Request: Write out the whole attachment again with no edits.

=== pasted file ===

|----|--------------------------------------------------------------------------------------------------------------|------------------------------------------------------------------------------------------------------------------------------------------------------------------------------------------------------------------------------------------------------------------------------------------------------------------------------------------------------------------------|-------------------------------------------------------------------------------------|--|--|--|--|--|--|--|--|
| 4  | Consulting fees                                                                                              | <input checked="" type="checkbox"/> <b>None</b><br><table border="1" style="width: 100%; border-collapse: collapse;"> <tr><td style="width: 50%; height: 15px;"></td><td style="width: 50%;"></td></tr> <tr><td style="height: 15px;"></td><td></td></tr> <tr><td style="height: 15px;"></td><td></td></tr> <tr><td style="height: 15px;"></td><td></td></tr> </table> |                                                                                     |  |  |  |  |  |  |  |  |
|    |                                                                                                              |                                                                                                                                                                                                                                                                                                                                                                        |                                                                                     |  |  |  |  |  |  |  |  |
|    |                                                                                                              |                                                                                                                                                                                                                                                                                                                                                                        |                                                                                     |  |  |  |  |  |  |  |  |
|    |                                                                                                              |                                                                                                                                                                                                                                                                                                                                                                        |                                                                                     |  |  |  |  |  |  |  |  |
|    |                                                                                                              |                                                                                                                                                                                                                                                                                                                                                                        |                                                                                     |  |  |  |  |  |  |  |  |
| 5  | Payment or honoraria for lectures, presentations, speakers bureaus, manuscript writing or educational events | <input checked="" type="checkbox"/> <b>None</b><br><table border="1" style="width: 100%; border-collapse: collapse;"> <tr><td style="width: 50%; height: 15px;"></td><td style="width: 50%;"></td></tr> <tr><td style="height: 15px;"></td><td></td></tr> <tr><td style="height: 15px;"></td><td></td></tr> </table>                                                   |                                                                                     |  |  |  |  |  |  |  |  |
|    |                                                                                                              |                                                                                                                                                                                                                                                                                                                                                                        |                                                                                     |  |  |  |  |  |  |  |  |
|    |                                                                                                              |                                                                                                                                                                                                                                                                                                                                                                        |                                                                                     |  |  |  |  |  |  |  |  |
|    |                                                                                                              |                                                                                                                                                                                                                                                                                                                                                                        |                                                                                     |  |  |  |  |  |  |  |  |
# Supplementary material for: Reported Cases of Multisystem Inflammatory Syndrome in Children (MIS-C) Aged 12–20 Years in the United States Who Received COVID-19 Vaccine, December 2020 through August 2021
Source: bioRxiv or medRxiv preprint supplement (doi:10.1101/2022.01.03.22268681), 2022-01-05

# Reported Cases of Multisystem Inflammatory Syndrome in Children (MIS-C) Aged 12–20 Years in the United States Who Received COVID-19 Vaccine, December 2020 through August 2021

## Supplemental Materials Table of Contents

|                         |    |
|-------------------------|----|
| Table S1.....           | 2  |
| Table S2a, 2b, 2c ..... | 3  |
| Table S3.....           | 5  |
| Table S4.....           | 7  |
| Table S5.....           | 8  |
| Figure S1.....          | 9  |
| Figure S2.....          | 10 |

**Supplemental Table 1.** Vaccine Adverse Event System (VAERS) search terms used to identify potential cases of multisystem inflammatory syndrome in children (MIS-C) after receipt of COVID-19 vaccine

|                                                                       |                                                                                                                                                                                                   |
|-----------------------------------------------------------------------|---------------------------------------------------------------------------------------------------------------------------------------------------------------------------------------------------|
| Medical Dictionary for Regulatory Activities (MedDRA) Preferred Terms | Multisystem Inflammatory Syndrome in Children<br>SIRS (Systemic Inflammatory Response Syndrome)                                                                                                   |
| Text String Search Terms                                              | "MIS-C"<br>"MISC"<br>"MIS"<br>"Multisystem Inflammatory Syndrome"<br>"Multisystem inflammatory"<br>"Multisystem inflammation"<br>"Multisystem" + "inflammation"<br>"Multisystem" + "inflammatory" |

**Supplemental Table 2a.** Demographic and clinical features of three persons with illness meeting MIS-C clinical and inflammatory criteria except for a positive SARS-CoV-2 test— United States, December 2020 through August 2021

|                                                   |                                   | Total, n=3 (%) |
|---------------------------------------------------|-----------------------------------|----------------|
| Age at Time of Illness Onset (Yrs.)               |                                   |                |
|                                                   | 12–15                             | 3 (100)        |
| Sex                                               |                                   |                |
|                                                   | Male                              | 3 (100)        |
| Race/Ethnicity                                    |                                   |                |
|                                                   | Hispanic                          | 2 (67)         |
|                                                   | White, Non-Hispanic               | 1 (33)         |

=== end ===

|----|--------------------------------------------------------------------------------------------------------------|------------------------------------------------------------------------------------------------------------------------------------------------------------------------------------------------------------------------------------------------------------------------------------------------------------------------------------------------------------------------|-------------------------------------------------------------------------------------|--|--|--|--|--|--|--|--|
| 4  | Consulting fees                                                                                              | <input checked="" type="checkbox"/> <b>None</b><br><table border="1" style="width: 100%; border-collapse: collapse;"> <tr><td style="width: 50%; height: 15px;"></td><td style="width: 50%;"></td></tr> <tr><td style="height: 15px;"></td><td></td></tr> <tr><td style="height: 15px;"></td><td></td></tr> <tr><td style="height: 15px;"></td><td></td></tr> </table> |                                                                                     |  |  |  |  |  |  |  |  |
|    |                                                                                                              |                                                                                                                                                                                                                                                                                                                                                                        |                                                                                     |  |  |  |  |  |  |  |  |
|    |                                                                                                              |                                                                                                                                                                                                                                                                                                                                                                        |                                                                                     |  |  |  |  |  |  |  |  |
|    |                                                                                                              |                                                                                                                                                                                                                                                                                                                                                                        |                                                                                     |  |  |  |  |  |  |  |  |
|    |                                                                                                              |                                                                                                                                                                                                                                                                                                                                                                        |                                                                                     |  |  |  |  |  |  |  |  |
| 5  | Payment or honoraria for lectures, presentations, speakers bureaus, manuscript writing or educational events | <input checked="" type="checkbox"/> <b>None</b><br><table border="1" style="width: 100%; border-collapse: collapse;"> <tr><td style="width: 50%; height: 15px;"></td><td style="width: 50%;"></td></tr> <tr><td style="height: 15px;"></td><td></td></tr> <tr><td style="height: 15px;"></td><td></td></tr> </table>                                                   |                                                                                     |  |  |  |  |  |  |  |  |
|    |                                                                                                              |                                                                                                                                                                                                                                                                                                                                                                        |                                                                                     |  |  |  |  |  |  |  |  |
|    |                                                                                                              |                                                                                                                                                                                                                                                                                                                                                                        |                                                                                     |  |  |  |  |  |  |  |  |
|    |                                                                                                              |                                                                                                                                                                                                                                                                                                                                                                        |                                                                                     |  |  |  |  |  |  |  |  |
# Supplementary material for: Reported Cases of Multisystem Inflammatory Syndrome in Children (MIS-C) Aged 12–20 Years in the United States Who Received COVID-19 Vaccine, December 2020 through August 2021
Source: bioRxiv or medRxiv preprint supplement (doi:10.1101/2022.01.03.22268681), 2022-01-05

# Reported Cases of Multisystem Inflammatory Syndrome in Children (MIS-C) Aged 12–20 Years in the United States Who Received COVID-19 Vaccine, December 2020 through August 2021

## Supplemental Materials Table of Contents

|                         |    |
|-------------------------|----|
| Table S1.....           | 2  |
| Table S2a, 2b, 2c ..... | 3  |
| Table S3.....           | 5  |
| Table S4.....           | 7  |
| Table S5.....           | 8  |
| Figure S1.....          | 9  |
| Figure S2.....          | 10 |

**Supplemental Table 1.** Vaccine Adverse Event System (VAERS) search terms used to identify potential cases of multisystem inflammatory syndrome in children (MIS-C) after receipt of COVID-19 vaccine

|                                                                       |                                                                                                                                                                                                   |
|-----------------------------------------------------------------------|---------------------------------------------------------------------------------------------------------------------------------------------------------------------------------------------------|
| Medical Dictionary for Regulatory Activities (MedDRA) Preferred Terms | Multisystem Inflammatory Syndrome in Children<br>SIRS (Systemic Inflammatory Response Syndrome)                                                                                                   |
| Text String Search Terms                                              | "MIS-C"<br>"MISC"<br>"MIS"<br>"Multisystem Inflammatory Syndrome"<br>"Multisystem inflammatory"<br>"Multisystem inflammation"<br>"Multisystem" + "inflammation"<br>"Multisystem" + "inflammatory" |

**Supplemental Table 2a.** Demographic and clinical features of three persons with illness meeting MIS-C clinical and inflammatory criteria except for a positive SARS-CoV-2 test— United States, December 2020 through August 2021

|                                                   |                                   | Total, n=3 (%) |
|---------------------------------------------------|-----------------------------------|----------------|
| Age at Time of Illness Onset (Yrs.)               |                                   |                |
|                                                   | 12–15                             | 3 (100)        |
| Sex                                               |                                   |                |
|                                                   | Male                              | 3 (100)        |
| Race/Ethnicity                                    |                                   |                |
|                                                   | Hispanic                          | 2 (67)         |
|                                                   | White, Non-Hispanic               | 1 (33)         |